In very general terms, educational psychologists point to three major sources of motivation in learning (Fisher, 1990).  Simply put, these are: 

1        The learner’s natural interest:  intrinsic satisfaction

2        The teacher/institution/employment: extrinsic reward

3         Success in the task: combining satisfaction and reward 

Intrinsic satisfaction

Sad though it may be, we must, I believe, recognise that only a relatively small number of students get a sense of intrinsic satisfaction from learning English.  For the vast majority of people, language is not, in itself, very interesting, and it is unlikely to spark and, still less, to sustain motivation.  For some older learners, the satisfaction of learning and using a foreign language may be connected to what Gardener (1985) has called an ‘integrative motivation’ – a desire to identify with the culture of the foreign language – but this is not widespread and it is not likely to be the case with younger learners.   Some teachers of younger students endeavour to relate to what they see as their pupils’ sense of intrinsic satisfaction by using games, songs and puzzles in the class.  Often these have a positive impact in raising the motivation of the pupils – but the effect is usually temporary, and once they return to normal classroom work, the effect wears off.  In general, then, the learner’s natural interest is not, therefore, something which we can rely on to generate sustained motivation in language learning. 

Extrinsic rewards

   Aware of these facts, many teachers, and indeed whole educational systems, turn to a second source of motivation, extrinsic reward, and its opposite, extrinsic punishment,  as a means of motivating students.  In the classroom, for example, teachers may ‘reward’ students with good marks, or, in effect, punish other students with low marks.  ‘Better’ students may be rewarded by being given more advanced work to do, or by being placed in a higher level group, which increases their sense of self-worth.  The principal problem in this approach, however, is that rewards only lead to sustained motivation if you actually get them.  For the failing student, unlikely to get rewards, it does not take long to work out that it is always someone else who gets the rewards – no matter how hard he or she works.  In this case, the reward system itself can be demotivating for the weaker students. The increase in the motivation of the better students is more or less proportional to the decrease in motivation of the weaker students.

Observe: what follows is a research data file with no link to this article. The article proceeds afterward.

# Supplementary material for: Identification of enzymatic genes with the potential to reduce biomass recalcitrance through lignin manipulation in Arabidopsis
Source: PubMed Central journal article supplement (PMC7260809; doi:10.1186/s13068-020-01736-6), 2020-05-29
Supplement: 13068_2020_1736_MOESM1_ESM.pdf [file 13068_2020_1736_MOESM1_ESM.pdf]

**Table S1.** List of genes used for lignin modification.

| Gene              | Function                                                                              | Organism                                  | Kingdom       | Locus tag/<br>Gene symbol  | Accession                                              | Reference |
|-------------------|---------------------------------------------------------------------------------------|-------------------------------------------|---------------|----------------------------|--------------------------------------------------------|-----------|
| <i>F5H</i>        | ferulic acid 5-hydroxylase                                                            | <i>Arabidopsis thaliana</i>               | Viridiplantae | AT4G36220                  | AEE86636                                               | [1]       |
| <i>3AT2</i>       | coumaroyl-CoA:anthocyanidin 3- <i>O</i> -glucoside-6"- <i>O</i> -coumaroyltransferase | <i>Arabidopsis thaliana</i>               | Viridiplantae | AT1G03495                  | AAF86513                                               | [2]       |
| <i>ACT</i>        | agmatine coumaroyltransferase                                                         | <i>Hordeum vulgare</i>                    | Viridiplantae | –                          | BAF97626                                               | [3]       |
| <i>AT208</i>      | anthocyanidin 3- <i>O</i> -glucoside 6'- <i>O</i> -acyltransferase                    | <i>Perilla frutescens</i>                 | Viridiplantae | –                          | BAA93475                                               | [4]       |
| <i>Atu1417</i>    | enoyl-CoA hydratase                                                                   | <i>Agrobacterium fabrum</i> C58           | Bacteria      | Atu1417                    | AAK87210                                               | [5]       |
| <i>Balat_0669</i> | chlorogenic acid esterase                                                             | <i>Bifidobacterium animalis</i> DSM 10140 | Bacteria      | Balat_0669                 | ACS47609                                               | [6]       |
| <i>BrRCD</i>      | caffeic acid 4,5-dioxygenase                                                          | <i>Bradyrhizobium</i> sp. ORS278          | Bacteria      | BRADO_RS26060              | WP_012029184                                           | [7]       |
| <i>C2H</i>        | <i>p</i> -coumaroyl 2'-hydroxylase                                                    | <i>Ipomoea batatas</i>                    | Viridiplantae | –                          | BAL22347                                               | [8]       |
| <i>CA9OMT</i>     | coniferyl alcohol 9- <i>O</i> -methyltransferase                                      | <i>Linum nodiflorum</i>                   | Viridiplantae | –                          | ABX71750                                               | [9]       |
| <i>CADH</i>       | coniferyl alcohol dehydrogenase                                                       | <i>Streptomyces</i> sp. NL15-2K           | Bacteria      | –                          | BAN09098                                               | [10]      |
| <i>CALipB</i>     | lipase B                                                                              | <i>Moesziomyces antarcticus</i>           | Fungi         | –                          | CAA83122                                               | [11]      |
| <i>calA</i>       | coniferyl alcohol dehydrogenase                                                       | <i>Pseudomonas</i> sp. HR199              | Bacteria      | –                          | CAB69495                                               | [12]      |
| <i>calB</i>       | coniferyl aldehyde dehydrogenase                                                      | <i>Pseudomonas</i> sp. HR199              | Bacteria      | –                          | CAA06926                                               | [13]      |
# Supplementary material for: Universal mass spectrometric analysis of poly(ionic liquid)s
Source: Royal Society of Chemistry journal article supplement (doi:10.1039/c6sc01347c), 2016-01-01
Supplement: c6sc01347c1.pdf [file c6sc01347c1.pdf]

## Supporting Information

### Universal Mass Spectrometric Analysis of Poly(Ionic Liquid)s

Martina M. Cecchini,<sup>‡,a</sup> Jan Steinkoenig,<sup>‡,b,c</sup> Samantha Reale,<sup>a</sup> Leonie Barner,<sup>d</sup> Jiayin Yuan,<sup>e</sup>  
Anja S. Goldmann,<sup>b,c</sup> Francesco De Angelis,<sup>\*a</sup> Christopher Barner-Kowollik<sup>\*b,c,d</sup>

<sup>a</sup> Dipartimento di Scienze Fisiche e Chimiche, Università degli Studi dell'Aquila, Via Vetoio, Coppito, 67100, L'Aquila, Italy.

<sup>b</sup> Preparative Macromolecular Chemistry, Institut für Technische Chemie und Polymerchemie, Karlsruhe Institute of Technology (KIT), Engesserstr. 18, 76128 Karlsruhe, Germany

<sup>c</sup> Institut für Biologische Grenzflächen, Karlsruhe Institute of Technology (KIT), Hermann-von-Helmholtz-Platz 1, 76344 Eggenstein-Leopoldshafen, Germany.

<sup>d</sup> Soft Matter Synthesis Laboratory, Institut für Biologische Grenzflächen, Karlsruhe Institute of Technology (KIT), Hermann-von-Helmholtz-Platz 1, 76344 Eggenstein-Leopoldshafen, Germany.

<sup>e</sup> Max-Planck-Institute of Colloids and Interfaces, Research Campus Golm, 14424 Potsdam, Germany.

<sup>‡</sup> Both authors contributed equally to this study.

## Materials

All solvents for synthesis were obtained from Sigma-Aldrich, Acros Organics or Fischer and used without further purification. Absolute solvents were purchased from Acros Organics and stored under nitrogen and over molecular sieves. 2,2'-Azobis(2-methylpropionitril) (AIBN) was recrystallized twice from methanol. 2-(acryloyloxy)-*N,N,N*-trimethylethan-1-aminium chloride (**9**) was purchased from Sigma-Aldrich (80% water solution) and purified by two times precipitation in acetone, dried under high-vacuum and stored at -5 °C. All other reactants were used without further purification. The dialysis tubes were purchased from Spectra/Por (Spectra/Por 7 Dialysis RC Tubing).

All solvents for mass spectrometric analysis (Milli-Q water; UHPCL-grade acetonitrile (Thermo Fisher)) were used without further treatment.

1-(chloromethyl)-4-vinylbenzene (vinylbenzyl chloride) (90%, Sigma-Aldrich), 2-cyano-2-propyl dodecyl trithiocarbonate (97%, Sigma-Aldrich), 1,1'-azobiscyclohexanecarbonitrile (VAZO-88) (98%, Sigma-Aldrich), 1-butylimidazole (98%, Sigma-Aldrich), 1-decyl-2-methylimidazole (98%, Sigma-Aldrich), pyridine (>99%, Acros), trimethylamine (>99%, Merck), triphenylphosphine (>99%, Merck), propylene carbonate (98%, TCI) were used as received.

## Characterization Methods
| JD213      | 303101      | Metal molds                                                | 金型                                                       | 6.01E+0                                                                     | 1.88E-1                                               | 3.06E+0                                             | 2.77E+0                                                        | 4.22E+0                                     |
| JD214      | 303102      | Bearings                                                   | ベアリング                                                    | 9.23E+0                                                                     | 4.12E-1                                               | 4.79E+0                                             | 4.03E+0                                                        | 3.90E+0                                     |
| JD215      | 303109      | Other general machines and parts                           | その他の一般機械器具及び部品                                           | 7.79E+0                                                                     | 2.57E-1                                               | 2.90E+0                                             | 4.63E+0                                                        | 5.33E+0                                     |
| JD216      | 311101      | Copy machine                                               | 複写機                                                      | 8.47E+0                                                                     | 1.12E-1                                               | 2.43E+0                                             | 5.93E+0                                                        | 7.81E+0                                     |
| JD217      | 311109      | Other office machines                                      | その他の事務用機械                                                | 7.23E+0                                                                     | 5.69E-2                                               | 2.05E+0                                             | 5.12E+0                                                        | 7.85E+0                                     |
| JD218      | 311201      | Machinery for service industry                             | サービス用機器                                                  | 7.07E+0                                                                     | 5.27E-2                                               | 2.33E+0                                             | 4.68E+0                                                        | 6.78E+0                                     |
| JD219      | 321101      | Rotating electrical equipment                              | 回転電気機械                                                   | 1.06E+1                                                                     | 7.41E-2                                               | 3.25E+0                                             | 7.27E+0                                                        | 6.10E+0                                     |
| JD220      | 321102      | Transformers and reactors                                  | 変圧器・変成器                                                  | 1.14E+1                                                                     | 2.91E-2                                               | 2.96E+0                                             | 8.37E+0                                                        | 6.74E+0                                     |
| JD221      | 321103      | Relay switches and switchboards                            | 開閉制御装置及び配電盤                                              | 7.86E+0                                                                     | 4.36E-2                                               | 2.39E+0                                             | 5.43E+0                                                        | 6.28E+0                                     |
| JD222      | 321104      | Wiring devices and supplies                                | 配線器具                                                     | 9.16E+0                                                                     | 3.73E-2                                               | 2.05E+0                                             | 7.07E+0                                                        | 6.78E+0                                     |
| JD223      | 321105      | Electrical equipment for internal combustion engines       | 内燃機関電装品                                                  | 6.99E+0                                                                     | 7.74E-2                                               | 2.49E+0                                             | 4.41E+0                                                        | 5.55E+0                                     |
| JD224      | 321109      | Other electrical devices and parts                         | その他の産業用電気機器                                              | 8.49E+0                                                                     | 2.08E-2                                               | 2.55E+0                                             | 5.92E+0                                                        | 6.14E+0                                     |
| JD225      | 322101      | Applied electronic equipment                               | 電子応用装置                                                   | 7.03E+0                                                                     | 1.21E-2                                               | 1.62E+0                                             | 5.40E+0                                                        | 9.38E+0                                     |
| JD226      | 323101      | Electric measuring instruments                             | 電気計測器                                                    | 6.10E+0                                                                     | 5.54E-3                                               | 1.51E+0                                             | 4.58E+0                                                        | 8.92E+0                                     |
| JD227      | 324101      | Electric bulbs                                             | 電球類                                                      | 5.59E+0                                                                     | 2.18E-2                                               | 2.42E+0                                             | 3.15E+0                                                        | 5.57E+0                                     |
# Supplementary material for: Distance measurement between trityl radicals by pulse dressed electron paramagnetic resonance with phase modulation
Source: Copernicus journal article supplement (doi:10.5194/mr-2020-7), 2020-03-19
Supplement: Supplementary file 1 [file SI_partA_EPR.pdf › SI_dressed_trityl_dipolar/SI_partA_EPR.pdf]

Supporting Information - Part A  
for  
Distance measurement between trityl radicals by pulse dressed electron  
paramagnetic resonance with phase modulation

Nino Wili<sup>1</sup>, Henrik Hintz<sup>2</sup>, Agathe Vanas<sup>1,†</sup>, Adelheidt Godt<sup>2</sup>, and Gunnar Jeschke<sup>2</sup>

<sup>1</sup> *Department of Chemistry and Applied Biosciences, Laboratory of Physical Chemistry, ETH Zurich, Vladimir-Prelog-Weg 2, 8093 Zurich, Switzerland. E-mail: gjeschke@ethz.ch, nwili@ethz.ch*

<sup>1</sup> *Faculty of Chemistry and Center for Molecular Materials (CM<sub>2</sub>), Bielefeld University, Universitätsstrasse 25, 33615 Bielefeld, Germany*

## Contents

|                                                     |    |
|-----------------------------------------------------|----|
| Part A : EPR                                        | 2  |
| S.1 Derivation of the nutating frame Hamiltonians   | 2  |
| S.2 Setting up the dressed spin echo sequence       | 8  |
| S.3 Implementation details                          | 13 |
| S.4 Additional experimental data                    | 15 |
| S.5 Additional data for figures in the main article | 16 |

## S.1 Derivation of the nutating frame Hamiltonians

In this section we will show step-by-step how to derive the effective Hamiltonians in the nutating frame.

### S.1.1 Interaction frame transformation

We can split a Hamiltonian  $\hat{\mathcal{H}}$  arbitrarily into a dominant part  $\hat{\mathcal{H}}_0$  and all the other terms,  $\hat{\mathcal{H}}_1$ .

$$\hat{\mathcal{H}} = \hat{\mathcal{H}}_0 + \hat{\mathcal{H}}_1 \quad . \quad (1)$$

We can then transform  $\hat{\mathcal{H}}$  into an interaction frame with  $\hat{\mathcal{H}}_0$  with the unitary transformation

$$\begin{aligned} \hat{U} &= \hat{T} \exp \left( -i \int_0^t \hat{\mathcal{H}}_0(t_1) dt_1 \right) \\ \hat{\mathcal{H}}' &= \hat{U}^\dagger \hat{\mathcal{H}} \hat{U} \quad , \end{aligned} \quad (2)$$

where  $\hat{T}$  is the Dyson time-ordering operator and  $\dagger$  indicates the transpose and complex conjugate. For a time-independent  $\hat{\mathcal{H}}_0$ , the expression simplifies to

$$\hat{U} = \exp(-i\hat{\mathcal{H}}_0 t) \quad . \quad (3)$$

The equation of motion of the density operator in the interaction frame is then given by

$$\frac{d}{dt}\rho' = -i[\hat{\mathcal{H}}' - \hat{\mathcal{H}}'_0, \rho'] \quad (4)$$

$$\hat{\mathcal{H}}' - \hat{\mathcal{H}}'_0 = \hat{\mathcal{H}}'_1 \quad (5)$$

Success in the task

While teachers and school systems have drawn on both of the first two sources of motivation, the third source is perhaps under-exploited in language teaching.  This is the simple fact of success, and the effect that this has on our view of what we do.  As human beings, we generally like what we do well, and are therefore more likely to do it again, and put in more effort.

If we put in more effort, we generally get better, and so this sustains our motivation. Feelings of being able to do something and feelings of sustained motivation can therefore be linked into an upward spiral which causes us to commit ourselves to what are we doing and to improve.

 
 

 

Unfortunately for many students, this spiral relationship between motivation and ability can often function in reverse.  Few people like to fail and we generally avoid circumstances in which we anticipate failure.  In the classroom, this can mean that students who develop an image of themselves as ‘no good at English’ will simply avoid situations which tell them what they already know – that they aren’t any good at English.   Feelings of failure, particularly early on in a student’s school career, can therefore lead to a downward spiral of a self- perception of low ability – low motivation – low effort – low achievement – low motivation – low achievement, and so on.   It is the existence of these upward and downward spirals in the motivation-ability relationship that explain a situation commonly found by teachers.  In many classes where there are differing levels of student ability, the gap between the ‘weaker’ students and the ‘stronger’ students appears to get wider and wider over time, as some students thrive in an upward spiral, whilst other students actually deteriorate in a downward spiral.